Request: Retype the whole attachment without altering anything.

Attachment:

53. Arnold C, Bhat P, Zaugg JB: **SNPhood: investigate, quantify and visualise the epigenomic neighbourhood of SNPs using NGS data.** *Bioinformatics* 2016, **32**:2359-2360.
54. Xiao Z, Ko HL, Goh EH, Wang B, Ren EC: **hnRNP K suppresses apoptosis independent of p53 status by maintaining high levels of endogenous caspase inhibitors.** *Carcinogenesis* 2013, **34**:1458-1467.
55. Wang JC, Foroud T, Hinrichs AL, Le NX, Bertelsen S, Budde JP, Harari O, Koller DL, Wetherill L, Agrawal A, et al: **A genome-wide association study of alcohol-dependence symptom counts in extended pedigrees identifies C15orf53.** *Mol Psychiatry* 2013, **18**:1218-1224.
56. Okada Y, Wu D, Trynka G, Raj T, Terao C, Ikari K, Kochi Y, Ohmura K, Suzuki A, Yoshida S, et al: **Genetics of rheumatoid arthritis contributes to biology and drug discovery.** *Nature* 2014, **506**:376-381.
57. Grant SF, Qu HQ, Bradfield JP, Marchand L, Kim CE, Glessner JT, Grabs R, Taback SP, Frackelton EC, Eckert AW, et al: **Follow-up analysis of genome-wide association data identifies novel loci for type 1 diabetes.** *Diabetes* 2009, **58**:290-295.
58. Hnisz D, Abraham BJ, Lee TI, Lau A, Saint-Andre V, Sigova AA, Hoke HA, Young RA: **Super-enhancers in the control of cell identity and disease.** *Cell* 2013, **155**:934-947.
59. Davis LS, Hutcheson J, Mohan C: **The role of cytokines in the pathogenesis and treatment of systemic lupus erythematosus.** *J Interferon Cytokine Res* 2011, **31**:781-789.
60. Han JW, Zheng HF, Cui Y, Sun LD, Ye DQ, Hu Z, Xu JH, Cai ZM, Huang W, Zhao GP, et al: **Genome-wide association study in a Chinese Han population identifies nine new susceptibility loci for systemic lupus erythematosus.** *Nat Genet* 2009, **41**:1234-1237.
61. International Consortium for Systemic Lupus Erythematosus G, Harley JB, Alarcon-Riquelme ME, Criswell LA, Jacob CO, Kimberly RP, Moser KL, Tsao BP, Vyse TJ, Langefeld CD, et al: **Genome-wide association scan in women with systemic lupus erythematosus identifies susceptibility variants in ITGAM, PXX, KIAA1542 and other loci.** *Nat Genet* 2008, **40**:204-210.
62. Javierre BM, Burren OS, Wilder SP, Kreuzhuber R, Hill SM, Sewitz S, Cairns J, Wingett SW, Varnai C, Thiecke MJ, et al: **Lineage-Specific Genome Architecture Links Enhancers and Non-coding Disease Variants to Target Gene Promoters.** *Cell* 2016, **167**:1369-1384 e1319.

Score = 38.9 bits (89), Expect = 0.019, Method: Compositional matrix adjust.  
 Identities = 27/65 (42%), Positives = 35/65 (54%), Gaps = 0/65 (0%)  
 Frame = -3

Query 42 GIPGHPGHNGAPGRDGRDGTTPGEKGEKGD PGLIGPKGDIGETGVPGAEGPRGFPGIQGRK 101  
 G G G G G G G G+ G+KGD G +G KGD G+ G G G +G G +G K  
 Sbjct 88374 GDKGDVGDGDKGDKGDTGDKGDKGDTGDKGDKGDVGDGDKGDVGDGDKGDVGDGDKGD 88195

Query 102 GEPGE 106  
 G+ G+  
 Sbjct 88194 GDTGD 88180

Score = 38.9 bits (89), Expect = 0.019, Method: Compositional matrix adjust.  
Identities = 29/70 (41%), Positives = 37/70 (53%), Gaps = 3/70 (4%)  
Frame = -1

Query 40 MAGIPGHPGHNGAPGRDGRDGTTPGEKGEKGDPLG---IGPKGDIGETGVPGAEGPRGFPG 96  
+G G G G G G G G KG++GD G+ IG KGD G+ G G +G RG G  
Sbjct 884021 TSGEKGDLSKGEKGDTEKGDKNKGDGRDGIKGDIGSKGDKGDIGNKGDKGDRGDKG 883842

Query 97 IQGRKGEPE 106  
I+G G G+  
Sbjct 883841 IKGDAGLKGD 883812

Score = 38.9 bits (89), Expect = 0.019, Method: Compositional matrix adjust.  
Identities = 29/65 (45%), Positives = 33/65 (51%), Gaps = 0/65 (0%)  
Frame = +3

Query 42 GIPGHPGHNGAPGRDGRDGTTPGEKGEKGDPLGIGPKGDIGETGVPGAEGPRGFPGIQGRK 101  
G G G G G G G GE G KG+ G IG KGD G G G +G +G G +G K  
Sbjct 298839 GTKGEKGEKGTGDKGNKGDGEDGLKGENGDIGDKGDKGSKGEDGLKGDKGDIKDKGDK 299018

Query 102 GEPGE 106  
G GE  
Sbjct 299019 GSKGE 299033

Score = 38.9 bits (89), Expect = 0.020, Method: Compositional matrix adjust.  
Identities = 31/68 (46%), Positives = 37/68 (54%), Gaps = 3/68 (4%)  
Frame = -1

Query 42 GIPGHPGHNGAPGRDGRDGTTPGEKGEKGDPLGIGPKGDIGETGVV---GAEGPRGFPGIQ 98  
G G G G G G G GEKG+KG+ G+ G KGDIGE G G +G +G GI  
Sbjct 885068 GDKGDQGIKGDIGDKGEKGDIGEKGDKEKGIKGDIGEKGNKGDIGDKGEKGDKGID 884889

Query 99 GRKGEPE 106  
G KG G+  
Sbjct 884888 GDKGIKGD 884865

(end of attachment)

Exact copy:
53. Arnold C, Bhat P, Zaugg JB: **SNPhood: investigate, quantify and visualise the epigenomic neighbourhood of SNPs using NGS data.** *Bioinformatics* 2016, **32**:2359-2360.
54. Xiao Z, Ko HL, Goh EH, Wang B, Ren EC: **hnRNP K suppresses apoptosis independent of p53 status by maintaining high levels of endogenous caspase inhibitors.** *Carcinogenesis* 2013, **34**:1458-1467.
55. Wang JC, Foroud T, Hinrichs AL, Le NX, Bertelsen S, Budde JP, Harari O, Koller DL, Wetherill L, Agrawal A, et al: **A genome-wide association study of alcohol-dependence symptom counts in extended pedigrees identifies C15orf53.** *Mol Psychiatry* 2013, **18**:1218-1224.
56. Okada Y, Wu D, Trynka G, Raj T, Terao C, Ikari K, Kochi Y, Ohmura K, Suzuki A, Yoshida S, et al: **Genetics of rheumatoid arthritis contributes to biology and drug discovery.** *Nature* 2014, **506**:376-381.
57. Grant SF, Qu HQ, Bradfield JP, Marchand L, Kim CE, Glessner JT, Grabs R, Taback SP, Frackelton EC, Eckert AW, et al: **Follow-up analysis of genome-wide association data identifies novel loci for type 1 diabetes.** *Diabetes* 2009, **58**:290-295.
58. Hnisz D, Abraham BJ, Lee TI, Lau A, Saint-Andre V, Sigova AA, Hoke HA, Young RA: **Super-enhancers in the control of cell identity and disease.** *Cell* 2013, **155**:934-947.
59. Davis LS, Hutcheson J, Mohan C: **The role of cytokines in the pathogenesis and treatment of systemic lupus erythematosus.** *J Interferon Cytokine Res* 2011, **31**:781-789.
60. Han JW, Zheng HF, Cui Y, Sun LD, Ye DQ, Hu Z, Xu JH, Cai ZM, Huang W, Zhao GP, et al: **Genome-wide association study in a Chinese Han population identifies nine new susceptibility loci for systemic lupus erythematosus.** *Nat Genet* 2009, **41**:1234-1237.
61. International Consortium for Systemic Lupus Erythematosus G, Harley JB, Alarcon-Riquelme ME, Criswell LA, Jacob CO, Kimberly RP, Moser KL, Tsao BP, Vyse TJ, Langefeld CD, et al: **Genome-wide association scan in women with systemic lupus erythematosus identifies susceptibility variants in ITGAM, PXX, KIAA1542 and other loci.** *Nat Genet* 2008, **40**:204-210.
62. Javierre BM, Burren OS, Wilder SP, Kreuzhuber R, Hill SM, Sewitz S, Cairns J, Wingett SW, Varnai C, Thiecke MJ, et al: **Lineage-Specific Genome Architecture Links Enhancers and Non-coding Disease Variants to Target Gene Promoters.** *Cell* 2016, **167**:1369-1384 e1319.

Score = 38.9 bits (89), Expect = 0.019, Method: Compositional matrix adjust.  
 Identities = 27/65 (42%), Positives = 35/65 (54%), Gaps = 0/65 (0%)  
 Frame = -3

Query 42 GIPGHPGHNGAPGRDGRDGTTPGEKGEKGD PGLIGPKGDIGETGVPGAEGPRGFPGIQGRK 101  
 G G G G G G G G+ G+KGD G +G KGD G+ G G G +G G +G K  
 Sbjct 88374 GDKGDVGDGDKGDKGDTGDKGDKGDTGDKGDKGDVGDGDKGDVGDGDKGDVGDGDKGD 88195

Query 102 GEPGE 106  
 G+ G+  
 Sbjct 88194 GDTGD 88180

Score = 38.9 bits (89), Expect = 0.019, Method: Compositional matrix adjust.  
Identities = 29/70 (41%), Positives = 37/70 (53%), Gaps = 3/70 (4%)  
Frame = -1

Query 40 MAGIPGHPGHNGAPGRDGRDGTTPGEKGEKGDPLG---IGPKGDIGETGVPGAEGPRGFPG 96  
+G G G G G G G G KG++GD G+ IG KGD G+ G G +G RG G  
Sbjct 884021 TSGEKGDLSKGEKGDTEKGDKNKGDGRDGIKGDIGSKGDKGDIGNKGDKGDRGDKG 883842

Query 97 IQGRKGEPE 106  
I+G G G+  
Sbjct 883841 IKGDAGLKGD 883812

Score = 38.9 bits (89), Expect = 0.019, Method: Compositional matrix adjust.  
Identities = 29/65 (45%), Positives = 33/65 (51%), Gaps = 0/65 (0%)  
Frame = +3

Query 42 GIPGHPGHNGAPGRDGRDGTTPGEKGEKGDPLGIGPKGDIGETGVPGAEGPRGFPGIQGRK 101  
G G G G G G G GE G KG+ G IG KGD G G G +G +G G +G K  
Sbjct 298839 GTKGEKGEKGTGDKGNKGDGEDGLKGENGDIGDKGDKGSKGEDGLKGDKGDIKDKGDK 299018

Query 102 GEPGE 106  
G GE  
Sbjct 299019 GSKGE 299033

Score = 38.9 bits (89), Expect = 0.020, Method: Compositional matrix adjust.  
Identities = 31/68 (46%), Positives = 37/68 (54%), Gaps = 3/68 (4%)  
Frame = -1

Query 42 GIPGHPGHNGAPGRDGRDGTTPGEKGEKGDPLGIGPKGDIGETGVV---GAEGPRGFPGIQ 98  
G G G G G G G GEKG+KG+ G+ G KGDIGE G G +G +G GI  
Sbjct 885068 GDKGDQGIKGDIGDKGEKGDIGEKGDKEKGIKGDIGEKGNKGDIGDKGEKGDKGID 884889

Query 99 GRKGEPE 106  
G KG G+  
Sbjct 884888 GDKGIKGD 884865